Cut a 65mm square out of some 10mm plate using the angle grinder with the 1.5mm disc. Scribe corner to corner to get the centre and then scribe a circle of 63mm. Now cut the corners off and again cut more points off to get the plate fairly round. Now drill a 8mm hole in the centre. Tighten a 8mm bolt and nut in it and use this in the 3-jaw chuck in the lathe and turn it round to about 63mm. Face off both sides and you have made the upper washer.

I did try a square plate at first but I found that it turns around as you slide the toolrest around on the lathe bed and the corners jamb up against the raised part of the bed. So I decided to make it round and this has no problem - just a bit more work, but it looks nice too.

The second two images show the washer bolted through the bed to the underside plate. You can see in the 3rd image that the bolt is bolted to the under plate with a nut and this nut gives a small gap to the upper washer. This gap is important to allow everything to slide and then be clamped tight to the lathe bed.

Step 5:


The banjo is the name given to the slotted plate and the vertical toolrest clamp. The vertical clamp will eventually be welded to this slotted plate. This is made from some of the 10mm plate.

I first tried to mark out and drill a row of 8mm holes along the centre of the plate but a few of the holes started to offset from the centre line. This was most frustrating as I used a short centre drill to start the holes.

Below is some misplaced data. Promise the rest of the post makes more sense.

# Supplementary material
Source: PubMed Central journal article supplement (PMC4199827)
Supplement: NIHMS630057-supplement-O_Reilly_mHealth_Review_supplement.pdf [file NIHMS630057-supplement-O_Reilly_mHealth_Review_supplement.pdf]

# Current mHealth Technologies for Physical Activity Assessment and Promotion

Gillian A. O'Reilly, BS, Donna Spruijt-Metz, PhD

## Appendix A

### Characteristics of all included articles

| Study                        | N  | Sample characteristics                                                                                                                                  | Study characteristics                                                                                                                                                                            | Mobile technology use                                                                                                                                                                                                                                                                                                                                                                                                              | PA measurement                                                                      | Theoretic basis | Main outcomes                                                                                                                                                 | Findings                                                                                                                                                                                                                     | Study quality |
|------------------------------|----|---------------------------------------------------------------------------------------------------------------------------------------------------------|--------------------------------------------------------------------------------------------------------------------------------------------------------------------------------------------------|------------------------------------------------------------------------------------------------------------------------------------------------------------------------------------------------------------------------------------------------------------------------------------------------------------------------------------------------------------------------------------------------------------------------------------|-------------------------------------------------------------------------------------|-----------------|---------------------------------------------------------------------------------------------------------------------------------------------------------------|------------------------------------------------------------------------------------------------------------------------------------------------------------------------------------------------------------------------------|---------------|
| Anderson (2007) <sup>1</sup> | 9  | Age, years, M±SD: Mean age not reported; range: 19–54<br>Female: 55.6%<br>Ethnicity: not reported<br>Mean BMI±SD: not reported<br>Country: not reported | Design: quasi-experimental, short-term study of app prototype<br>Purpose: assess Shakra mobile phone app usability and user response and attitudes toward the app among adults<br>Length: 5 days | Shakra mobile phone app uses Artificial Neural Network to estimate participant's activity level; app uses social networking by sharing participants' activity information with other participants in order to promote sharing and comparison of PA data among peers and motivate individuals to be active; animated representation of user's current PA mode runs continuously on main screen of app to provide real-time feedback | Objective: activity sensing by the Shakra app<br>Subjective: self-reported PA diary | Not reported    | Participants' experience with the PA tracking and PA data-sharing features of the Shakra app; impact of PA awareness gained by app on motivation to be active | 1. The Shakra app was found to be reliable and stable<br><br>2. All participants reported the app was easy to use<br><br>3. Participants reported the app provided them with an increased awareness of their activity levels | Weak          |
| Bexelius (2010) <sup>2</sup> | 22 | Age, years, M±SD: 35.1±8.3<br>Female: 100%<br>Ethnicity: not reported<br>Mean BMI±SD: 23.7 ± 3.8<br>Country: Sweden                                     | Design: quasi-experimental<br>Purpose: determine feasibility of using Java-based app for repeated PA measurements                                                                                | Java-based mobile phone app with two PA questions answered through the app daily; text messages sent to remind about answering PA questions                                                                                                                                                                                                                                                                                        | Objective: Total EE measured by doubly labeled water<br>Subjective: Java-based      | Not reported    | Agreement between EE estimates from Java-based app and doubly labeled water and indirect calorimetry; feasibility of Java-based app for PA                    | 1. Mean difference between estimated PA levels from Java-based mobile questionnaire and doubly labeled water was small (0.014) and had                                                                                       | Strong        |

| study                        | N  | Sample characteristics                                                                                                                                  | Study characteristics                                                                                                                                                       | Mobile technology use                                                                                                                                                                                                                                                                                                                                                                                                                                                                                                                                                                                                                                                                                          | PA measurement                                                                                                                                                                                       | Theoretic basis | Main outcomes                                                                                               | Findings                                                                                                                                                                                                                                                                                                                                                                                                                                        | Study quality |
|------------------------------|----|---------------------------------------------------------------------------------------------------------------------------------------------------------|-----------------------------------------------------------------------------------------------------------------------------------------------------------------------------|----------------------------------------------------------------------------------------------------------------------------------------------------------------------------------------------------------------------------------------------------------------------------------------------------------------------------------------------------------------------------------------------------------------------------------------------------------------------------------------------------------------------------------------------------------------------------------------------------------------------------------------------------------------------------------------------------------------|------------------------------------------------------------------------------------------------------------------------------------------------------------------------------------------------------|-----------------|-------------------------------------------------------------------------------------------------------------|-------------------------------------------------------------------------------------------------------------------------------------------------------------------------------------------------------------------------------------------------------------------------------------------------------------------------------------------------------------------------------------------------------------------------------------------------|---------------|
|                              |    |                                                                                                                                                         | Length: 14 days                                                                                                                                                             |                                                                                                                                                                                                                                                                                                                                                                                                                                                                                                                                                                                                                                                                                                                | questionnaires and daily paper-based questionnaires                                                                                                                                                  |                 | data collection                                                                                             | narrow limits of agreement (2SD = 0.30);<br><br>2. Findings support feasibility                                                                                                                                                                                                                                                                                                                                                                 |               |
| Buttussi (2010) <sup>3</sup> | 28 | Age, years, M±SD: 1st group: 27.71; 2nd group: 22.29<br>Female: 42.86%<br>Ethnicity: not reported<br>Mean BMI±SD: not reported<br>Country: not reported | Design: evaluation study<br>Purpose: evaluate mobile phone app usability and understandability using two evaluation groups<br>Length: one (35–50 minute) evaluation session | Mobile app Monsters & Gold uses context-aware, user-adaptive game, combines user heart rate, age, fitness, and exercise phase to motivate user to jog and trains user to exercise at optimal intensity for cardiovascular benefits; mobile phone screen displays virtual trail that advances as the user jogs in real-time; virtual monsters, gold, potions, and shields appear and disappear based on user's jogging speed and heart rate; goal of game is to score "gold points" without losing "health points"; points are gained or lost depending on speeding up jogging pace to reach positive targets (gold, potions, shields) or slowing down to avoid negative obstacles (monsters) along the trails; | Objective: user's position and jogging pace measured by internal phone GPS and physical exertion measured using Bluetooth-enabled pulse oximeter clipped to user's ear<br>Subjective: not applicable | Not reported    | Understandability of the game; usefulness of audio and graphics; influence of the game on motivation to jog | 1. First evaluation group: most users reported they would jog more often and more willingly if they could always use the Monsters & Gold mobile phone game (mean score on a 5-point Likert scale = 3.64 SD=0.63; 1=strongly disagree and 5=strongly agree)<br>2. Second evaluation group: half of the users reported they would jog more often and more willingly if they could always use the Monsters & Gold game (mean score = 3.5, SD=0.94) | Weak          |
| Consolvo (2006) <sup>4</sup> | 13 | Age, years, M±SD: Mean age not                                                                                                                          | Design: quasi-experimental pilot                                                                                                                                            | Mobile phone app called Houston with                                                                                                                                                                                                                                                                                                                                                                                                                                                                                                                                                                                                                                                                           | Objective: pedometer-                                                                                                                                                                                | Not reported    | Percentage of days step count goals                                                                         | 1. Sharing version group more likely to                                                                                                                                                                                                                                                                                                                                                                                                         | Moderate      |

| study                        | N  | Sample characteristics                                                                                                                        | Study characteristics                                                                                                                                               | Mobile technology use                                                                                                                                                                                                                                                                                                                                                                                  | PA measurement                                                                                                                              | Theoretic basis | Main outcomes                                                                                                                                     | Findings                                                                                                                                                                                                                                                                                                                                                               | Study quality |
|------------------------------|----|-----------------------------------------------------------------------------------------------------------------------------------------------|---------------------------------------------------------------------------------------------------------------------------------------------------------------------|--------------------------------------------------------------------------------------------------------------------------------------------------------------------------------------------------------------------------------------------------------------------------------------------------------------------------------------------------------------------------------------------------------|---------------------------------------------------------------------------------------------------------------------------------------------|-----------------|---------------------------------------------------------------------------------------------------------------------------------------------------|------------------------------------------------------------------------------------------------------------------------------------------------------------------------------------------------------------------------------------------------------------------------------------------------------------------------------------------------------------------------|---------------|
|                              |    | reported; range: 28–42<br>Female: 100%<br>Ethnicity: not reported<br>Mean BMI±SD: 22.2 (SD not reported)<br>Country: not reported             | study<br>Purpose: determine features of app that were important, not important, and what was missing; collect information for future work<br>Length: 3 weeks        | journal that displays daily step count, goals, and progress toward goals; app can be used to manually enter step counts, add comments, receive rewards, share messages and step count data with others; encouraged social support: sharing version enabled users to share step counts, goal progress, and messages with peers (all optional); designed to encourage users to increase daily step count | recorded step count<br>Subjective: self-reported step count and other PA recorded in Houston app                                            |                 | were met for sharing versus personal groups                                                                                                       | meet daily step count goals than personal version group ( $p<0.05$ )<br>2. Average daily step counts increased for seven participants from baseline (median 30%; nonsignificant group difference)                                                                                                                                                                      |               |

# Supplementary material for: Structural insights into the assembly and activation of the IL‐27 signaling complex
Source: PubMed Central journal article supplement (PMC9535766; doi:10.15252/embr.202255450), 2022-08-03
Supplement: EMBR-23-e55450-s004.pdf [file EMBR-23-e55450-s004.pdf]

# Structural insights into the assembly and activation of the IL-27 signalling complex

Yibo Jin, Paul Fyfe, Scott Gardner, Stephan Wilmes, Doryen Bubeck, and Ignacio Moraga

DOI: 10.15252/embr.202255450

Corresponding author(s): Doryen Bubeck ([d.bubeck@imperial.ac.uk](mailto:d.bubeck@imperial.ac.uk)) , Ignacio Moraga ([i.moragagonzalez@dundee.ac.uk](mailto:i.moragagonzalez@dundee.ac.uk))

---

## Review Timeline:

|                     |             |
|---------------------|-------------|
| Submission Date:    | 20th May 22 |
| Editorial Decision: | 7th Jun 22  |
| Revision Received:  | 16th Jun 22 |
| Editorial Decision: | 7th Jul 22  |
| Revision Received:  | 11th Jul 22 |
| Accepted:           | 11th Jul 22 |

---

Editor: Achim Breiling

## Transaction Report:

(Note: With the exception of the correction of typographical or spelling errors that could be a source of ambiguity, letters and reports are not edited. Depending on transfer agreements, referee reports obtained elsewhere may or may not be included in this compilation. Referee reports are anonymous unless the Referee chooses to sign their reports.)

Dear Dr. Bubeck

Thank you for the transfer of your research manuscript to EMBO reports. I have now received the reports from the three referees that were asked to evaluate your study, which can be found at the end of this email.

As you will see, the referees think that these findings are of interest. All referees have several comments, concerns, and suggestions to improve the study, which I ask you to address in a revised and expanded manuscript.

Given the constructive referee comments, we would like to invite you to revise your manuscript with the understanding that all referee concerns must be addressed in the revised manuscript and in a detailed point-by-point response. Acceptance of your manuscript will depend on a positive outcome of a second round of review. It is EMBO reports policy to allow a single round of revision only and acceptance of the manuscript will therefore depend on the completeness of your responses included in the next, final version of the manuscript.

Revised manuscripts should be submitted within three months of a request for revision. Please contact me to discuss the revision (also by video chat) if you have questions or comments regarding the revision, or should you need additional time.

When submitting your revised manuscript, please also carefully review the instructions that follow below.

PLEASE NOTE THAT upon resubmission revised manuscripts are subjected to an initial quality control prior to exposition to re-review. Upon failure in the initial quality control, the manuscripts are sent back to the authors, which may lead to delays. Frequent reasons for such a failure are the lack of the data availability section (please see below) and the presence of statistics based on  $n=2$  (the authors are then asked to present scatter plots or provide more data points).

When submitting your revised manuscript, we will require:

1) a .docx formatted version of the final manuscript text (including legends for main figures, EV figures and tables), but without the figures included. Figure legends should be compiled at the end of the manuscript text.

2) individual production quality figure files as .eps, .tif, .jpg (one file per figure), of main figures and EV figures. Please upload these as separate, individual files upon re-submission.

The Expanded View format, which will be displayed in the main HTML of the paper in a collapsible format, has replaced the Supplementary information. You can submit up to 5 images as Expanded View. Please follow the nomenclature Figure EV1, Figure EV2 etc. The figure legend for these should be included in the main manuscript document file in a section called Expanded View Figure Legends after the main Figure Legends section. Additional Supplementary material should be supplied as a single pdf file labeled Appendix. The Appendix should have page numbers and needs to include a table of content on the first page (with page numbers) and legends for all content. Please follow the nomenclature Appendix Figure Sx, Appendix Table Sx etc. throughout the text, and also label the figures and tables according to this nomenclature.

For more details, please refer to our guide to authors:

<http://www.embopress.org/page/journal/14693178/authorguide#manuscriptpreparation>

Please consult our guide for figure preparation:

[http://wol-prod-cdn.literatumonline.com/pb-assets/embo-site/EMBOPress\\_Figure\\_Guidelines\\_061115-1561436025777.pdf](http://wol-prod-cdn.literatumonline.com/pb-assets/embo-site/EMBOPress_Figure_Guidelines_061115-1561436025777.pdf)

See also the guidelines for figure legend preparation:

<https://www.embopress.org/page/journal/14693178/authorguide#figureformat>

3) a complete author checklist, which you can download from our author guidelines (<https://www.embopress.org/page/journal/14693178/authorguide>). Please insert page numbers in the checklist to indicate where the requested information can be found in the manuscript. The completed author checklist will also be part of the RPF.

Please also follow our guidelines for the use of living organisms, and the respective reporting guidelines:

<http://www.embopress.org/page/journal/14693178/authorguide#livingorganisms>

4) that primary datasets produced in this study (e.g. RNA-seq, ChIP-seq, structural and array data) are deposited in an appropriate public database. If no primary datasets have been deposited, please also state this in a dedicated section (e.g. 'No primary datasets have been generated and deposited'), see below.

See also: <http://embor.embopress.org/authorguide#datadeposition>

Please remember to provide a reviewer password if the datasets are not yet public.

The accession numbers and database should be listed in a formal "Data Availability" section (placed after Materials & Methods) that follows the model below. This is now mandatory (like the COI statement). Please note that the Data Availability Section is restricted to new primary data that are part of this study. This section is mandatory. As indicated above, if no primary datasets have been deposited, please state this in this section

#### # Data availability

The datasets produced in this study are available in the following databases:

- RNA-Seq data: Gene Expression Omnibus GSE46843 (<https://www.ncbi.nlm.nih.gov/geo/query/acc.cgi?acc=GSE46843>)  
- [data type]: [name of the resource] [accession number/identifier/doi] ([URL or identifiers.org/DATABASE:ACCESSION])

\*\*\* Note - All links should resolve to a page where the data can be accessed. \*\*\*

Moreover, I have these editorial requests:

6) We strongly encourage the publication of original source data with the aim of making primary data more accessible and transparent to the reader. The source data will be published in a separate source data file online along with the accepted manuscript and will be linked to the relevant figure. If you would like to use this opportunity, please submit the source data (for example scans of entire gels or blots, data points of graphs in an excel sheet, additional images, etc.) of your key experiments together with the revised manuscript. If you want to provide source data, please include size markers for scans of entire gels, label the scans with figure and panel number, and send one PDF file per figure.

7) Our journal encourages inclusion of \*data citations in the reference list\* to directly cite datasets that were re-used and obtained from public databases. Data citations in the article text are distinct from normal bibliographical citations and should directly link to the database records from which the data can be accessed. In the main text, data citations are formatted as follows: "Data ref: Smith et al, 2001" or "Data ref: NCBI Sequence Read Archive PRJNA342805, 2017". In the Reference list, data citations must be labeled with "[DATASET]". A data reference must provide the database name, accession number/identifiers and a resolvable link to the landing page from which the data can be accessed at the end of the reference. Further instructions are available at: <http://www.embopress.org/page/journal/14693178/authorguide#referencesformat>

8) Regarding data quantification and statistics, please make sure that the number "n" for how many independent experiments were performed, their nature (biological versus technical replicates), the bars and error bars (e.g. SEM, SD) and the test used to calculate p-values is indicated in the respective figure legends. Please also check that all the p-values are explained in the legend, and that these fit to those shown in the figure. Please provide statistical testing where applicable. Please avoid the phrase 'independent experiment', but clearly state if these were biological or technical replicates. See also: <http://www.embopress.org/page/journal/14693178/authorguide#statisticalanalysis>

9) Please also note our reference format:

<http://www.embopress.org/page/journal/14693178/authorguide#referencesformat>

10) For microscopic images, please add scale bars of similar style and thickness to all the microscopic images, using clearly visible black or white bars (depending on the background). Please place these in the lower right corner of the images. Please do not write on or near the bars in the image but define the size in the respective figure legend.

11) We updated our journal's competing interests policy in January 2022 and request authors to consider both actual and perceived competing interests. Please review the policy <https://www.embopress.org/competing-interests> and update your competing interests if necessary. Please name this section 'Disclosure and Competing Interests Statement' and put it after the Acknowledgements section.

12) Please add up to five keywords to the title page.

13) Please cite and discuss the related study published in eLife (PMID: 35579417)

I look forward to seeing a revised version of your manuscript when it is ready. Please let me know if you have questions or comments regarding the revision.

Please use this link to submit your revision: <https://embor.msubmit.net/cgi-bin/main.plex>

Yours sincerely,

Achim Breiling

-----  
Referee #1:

I then chose, what I think is a better method anyway, to use the angle grinder with a 1.5mm steel cutting disc in it. (I would have used this anyway to do the final cuts and clean up the slot).

I love the 1.5mm disc in the grinder for cutting steel. It can easily be used to cut through 12mm (half inch) steel with a fairly accurate cut.

I drilled the two 8mm end holes and then I scribed the 2 slot lines between the holes. Using the 1.5mm disc in the angle grinder (it's a 125mm diameter disc by the way and easily held in one hand if necessary) I cut a starter groove down the two scribed lines and then deepened the cuts until they were through the 10mm plate. Make sure you don't cut into the walls opposite walls of the end holes. (I did nick the opposite walls but I could sort these out with a round file at the end). Clamp the plate at angles so you can access the slot well and cut up and into the end holes. Turn the plate over and, using the partial slots that have come through, do the same until you break through and the centre of the slot comes free. I cleaned up the walls with the disc and checked regularly with a 8mm bolt to see if it moved freely in the slot.